‘Hello Kitty: Day at the Park’ Is Surprisingly Complex
Summer may be ending, but you can still visit the park and have the best day ever—via the new Maestro Media board game, Hello Kitty: Day at the Park, designed by Roberta Taylor. This tile-laying game allows players to craft their own park map and score points by traversing tiles, collecting items, attending events, and going on adventures.
Designed for 2-4 players ages 8 and up, Hello Kitty: Day At the Park is a medium-paced, strategic game that offers multiple ways to score points. Plus, you get to play some of your favorite Sanrio characters: Hello Kitty, My Melody, Badtzmaru, Keroppi, and Chococat.
Breaking down Hello Kitty: Day at the Park gameplay
Hello Kitty: Day at the Park has a few core mechanics. To start, players choose their Sanrio character of choice, then collect the character piece (for moving), the score token (for the scoreboard), the character card (for special abilities only you can do), and a nap token (which determines whether you can use your character-specific special move based on how it’s flipped). Then turns take place clockwise, starting with the person who most recently went on an adventure.
Turn order gets a bit more complicated. First, the player lays tiles to create the park map, and as they go they also lay down event tokens. Event tokens are claimed when players land on those tiles, and each one provides a special action or boon that can be used at any time during the player’s turn. Simultaneously, players also gain items as they move across the map, which can then be turned in to complete adventure cards and score points. To end their turn, players draw tiles and adventure cards to replenish their stock, then play continues with the next person.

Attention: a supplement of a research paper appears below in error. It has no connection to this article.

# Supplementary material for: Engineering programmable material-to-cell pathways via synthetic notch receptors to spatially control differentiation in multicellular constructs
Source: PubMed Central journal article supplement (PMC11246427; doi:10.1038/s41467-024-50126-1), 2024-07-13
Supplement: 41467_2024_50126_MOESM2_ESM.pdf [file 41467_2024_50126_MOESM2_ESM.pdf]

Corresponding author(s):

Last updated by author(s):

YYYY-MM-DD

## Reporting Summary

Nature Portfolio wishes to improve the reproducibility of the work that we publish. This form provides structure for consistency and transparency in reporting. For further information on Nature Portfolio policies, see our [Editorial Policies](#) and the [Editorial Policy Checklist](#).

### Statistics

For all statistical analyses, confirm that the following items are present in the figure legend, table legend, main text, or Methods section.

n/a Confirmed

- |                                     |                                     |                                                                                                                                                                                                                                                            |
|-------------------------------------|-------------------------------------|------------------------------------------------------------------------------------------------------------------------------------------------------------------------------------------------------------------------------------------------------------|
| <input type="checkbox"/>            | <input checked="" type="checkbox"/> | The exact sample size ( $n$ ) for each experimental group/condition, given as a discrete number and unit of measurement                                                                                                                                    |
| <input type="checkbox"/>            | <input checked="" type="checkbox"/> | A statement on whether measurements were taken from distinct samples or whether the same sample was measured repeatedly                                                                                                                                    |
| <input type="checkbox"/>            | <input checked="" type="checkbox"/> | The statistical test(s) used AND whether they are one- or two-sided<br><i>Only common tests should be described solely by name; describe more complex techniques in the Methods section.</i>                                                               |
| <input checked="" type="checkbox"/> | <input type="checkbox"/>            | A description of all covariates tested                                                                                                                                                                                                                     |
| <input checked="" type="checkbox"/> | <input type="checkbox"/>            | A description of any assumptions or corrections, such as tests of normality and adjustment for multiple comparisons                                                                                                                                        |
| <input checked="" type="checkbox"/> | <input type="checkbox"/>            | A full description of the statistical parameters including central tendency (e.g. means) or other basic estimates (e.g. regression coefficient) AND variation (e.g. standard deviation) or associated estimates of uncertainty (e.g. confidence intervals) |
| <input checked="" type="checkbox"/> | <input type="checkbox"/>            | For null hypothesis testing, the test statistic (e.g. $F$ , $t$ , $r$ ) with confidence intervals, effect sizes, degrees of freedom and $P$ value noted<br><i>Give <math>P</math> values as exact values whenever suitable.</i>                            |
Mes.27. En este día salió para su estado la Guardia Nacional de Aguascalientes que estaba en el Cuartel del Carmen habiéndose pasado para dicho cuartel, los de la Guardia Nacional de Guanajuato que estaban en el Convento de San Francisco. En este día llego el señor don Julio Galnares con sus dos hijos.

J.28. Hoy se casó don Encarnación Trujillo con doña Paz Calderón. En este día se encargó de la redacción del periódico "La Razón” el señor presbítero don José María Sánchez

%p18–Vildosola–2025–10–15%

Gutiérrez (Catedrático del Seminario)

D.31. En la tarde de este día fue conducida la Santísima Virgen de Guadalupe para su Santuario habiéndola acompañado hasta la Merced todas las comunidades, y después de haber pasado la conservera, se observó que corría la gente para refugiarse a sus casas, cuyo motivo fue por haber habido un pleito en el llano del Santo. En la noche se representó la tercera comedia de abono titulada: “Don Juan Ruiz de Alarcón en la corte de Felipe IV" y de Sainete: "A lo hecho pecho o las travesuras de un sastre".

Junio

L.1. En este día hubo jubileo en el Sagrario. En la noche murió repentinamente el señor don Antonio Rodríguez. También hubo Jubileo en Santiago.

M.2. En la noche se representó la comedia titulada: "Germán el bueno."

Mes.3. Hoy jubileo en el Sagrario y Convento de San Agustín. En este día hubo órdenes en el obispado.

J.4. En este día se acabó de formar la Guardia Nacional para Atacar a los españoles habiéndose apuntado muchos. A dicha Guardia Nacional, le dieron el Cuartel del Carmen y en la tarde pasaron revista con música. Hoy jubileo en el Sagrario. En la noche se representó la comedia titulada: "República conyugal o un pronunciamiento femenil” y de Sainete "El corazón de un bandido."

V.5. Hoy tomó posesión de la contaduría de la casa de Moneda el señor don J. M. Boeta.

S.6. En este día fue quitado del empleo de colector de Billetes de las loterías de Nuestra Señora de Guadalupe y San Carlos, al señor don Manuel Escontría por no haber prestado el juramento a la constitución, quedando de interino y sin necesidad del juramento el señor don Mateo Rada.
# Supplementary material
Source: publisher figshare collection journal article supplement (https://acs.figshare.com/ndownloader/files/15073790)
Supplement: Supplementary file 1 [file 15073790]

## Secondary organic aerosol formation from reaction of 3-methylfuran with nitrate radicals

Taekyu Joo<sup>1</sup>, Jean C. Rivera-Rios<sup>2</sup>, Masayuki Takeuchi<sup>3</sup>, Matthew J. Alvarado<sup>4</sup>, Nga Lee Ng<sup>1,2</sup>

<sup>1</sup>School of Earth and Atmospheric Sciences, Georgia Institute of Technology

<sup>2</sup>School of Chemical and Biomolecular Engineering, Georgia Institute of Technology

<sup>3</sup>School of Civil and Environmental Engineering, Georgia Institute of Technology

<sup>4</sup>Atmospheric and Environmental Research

At the end of the game, everyone adds up the score bonuses on their completed adventure cards. The person with the most points wins!
The best parts of Hello Kitty: Day at the Park
Hello Kitty: Day at the Park is a complex, multiplayer board game with several potential winning strategies. The item collection mechanic at first seems wildly overpowered, but begins to make sense within just a few turns. It’s up to players to determine whether they want to score points by rapidly completing easy adventure cards with small item requirements or go for higher-requirement, higher-yield medium and hard adventure cards with score bonuses that could add up significantly at the end of the game.
In our four-player test game, it seemed as if one of us would end far behind the other three—but because they chose to mine easy adventure cards for a score bonus in the end, we all landed within a few points of each other. The previously yards ahead, obvious winner still took the trophy—but with a much tighter margin than we expected. Day at the Park had more competitive tension than we could have predicted, especially since it’s ultimately designed for kids.
Although it took us a couple rounds to hit our stride, by the end of the game, we all felt fairly confident in our understanding of the rules and how we wanted to play our individual games. At no point did we feel thwarted by the game’s mechanics, nor did we necessarily feel forced to make choices that would hurt us in the short- or long-term. Since Hello Kitty: Day at the Park is still technically in development and the rules could change before it’s released to Kickstarter backers and retailers, it was impressive to complete the game with minimal confusion and frustration.